Student Spotlight: Jesse Adams

The following article was written by Jesse Adams for the Applied Math newsletter:
As I entered my final undergrad year as a computer engineering student, I came to the conclusion that I assume most people do: I just do not have enough math in my life! This led me to pursue a masters degree in math, which in turn brought me to the Applied Math PhD Program at Arizona. I have always had a love for learning, and this path has allowed me plenty. Although this certainly has not been the path of least resistance, it has been a worthwhile one.

After surviving a grueling first year and a challenging second, my hard work paid off as I obtained a summer internship at the Nevada National Security Site (NNSS) in Las Vegas. This is, of course, the perfect place to spend a summer, getting away from the desert heat in Tucson. My position was in the Signal Processing and Applied Math group, where I was first introduced to Uncertainty Quantification. I specifically began working on computational inverse problems in X-ray radiography. The combination of mathematics, statistics, and computational difficulties brought me to a new realm which I have no intent on leaving. My boss, Dr. Aaron Luttman, at the NNSS was happy to hear this and offered partial funding for the rest of my time at Arizona.

With this offer in hand, I had the task of finding a professor in the department who would become my co-advisor with Dr. Luttman. I was immensely fortunate that a new hire, Dr. Matthias Morzfeld, had just arrived on campus, and had yet to fill his plate with students. Upon our first meeting, his passion and knowledge in the field were evident, and the deal was done. Dr. Morzfeld became my advisor. Without both Dr. Luttman and Dr. Morzfeld, I most surely would not be where I am today.

Along with the projects from the NNSS, during my 3rd and 4th year I worked on a problem with Dr. Morzfeld stochastically modeling the geomagnetic dipole of the Earth’s magnetic field. Previous models were characterized by two components: a deterministic drift term modeling resolved dynamics, and the stochastic term for turbulent fluid motion in the Earth’s core. These models performed well over “short” time periods (on the order of 2 million years), but were suspect over longer time periods (150 million years), as they lacked the ability to produce superchrons: periods of time in excess of 10 million years where no pole reversals occurred. We were able to extend two models to better match the data by using data assimilation techniques, as shown in the figure. These results, along with work from Math graduate student Spence Lunderman and undergraduate Math student Rafael Orozco, was published in Nonlinear Processes in Geophysics under the title Feature-based data assimilation in geophysics.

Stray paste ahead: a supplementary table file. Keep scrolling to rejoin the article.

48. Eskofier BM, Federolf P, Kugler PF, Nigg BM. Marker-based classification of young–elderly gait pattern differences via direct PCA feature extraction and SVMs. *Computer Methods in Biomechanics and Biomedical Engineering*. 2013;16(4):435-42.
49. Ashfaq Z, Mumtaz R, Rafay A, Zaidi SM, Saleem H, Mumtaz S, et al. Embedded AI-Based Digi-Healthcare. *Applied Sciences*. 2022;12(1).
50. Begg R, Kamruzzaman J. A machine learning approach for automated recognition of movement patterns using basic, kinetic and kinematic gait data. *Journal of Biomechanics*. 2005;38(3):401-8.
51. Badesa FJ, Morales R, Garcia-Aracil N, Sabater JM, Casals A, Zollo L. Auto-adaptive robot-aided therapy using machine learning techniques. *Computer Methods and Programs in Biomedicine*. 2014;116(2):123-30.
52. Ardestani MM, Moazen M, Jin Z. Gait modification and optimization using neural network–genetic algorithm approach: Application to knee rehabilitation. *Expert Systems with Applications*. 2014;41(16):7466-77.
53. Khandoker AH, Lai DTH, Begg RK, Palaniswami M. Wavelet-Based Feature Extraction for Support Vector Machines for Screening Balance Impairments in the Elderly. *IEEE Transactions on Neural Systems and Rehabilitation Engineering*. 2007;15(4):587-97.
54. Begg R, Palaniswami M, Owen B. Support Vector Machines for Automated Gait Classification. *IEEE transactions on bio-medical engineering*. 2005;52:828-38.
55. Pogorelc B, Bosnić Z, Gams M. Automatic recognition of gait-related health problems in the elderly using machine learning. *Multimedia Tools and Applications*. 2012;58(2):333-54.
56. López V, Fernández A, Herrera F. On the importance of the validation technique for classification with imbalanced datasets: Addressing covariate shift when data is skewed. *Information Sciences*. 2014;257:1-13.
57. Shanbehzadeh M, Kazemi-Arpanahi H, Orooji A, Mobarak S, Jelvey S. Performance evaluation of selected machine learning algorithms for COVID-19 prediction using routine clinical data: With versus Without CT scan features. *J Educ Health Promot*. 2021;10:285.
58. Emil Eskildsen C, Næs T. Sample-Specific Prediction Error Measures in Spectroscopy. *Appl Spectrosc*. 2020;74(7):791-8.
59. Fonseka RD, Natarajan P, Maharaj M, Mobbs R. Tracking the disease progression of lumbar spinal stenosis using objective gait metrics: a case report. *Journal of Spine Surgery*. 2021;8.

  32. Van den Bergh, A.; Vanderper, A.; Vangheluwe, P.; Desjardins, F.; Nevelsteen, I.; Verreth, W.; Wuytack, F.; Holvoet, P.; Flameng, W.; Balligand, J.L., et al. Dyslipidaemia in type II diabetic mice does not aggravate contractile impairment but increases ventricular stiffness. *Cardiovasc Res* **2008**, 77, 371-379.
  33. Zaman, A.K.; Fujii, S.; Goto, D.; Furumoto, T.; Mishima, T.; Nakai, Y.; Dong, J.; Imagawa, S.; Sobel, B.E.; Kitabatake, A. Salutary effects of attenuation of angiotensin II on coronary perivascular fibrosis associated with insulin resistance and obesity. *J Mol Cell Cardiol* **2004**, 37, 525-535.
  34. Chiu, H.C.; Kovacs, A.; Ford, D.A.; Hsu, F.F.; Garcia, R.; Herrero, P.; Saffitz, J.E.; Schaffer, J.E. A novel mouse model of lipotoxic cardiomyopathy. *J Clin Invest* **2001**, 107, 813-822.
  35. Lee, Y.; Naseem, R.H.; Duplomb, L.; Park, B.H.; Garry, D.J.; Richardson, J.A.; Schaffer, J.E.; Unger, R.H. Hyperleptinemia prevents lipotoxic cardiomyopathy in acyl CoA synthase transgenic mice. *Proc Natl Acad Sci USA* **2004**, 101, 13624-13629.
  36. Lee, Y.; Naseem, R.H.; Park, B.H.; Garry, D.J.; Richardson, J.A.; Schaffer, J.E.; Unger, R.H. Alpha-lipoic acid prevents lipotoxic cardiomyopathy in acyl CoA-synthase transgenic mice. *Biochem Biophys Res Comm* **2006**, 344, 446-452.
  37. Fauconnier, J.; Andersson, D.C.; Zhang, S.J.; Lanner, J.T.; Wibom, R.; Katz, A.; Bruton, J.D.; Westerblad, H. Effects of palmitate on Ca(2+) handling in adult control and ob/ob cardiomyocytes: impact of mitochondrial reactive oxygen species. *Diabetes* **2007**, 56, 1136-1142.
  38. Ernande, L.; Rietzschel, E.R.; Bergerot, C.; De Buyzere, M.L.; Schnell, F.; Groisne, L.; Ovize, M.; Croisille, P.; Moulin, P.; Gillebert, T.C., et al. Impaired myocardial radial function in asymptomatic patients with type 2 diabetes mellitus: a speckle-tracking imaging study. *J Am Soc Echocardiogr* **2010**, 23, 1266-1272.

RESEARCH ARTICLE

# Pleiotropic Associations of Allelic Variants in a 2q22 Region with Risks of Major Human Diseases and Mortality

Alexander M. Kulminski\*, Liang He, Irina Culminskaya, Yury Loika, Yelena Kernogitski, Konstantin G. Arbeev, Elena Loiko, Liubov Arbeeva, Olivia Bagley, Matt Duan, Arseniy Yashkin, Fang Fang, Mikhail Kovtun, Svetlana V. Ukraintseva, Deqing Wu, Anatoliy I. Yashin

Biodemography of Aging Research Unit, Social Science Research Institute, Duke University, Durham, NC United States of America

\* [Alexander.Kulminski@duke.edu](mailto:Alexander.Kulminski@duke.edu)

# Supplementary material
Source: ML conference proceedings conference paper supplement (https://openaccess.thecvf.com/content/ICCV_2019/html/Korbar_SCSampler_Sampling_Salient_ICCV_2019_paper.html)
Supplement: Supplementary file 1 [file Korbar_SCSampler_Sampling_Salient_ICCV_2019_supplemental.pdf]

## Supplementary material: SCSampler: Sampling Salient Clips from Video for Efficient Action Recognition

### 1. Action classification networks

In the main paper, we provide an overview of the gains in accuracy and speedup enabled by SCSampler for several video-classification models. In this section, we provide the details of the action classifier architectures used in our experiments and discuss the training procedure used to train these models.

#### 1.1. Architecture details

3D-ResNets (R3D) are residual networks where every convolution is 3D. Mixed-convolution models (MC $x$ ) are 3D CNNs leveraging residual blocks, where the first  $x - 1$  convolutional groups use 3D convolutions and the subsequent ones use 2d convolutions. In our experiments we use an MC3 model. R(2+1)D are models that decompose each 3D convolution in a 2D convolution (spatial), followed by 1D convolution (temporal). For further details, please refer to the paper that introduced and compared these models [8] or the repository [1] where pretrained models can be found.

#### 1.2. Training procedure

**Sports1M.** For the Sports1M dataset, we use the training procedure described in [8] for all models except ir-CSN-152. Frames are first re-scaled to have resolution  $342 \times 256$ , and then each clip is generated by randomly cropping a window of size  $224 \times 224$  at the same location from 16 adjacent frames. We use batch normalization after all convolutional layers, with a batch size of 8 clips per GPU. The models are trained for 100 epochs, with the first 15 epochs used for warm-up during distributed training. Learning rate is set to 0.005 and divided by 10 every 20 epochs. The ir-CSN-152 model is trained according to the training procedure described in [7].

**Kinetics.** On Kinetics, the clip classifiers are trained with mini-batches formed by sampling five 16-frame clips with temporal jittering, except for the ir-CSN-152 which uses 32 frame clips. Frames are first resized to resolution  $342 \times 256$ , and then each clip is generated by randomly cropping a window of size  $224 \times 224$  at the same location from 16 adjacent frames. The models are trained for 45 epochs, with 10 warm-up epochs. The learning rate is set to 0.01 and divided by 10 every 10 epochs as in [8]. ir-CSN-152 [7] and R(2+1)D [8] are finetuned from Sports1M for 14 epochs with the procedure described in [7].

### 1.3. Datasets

At the same time, and over the summers, I continued working with the NNSS on several problems involved in X-ray imaging. At the NNSS, hydrodynamic materials experiments are performed, and the primary source of data for these are X-ray images. One part of maximizing the information gleaned from these images is to remove the blur caused by the system, while not amplifying the noise in the image. We also aim to quantify the uncertainty in the images. In my thesis work we have implemented an algorithm capable of deblurring large images, while avoiding artifacts inherent in Fourier methods.

As my time at Arizona comes to a close, I know there is much I will miss. As an outdoorsy-type from Montana, I was initially wary of the desert life. But I quickly came to love the backpacking, mountain biking, and climbing ventures available surrounding Tucson. Luckily for me, I get to continue living the desert life as a postdoc at the NNSS. And I will finally get to experience Las Vegas during a time of the year when the air does not feel like it is roasting my lungs! I will forever be grateful for the friends I have made, my amazing advisors, and the outstanding professors I have had while at Arizona. With all their help, I am excited to finally start my career as a mathematician.

Jesse Adams, (PhD, May 2019), will join the Nevada National Security Site (NNSS) as a post-doctoral researcher in May, 2019. An article about Jesse's exciting and impactful research can be found here in the NNSS News.  Congratulations, Jesse!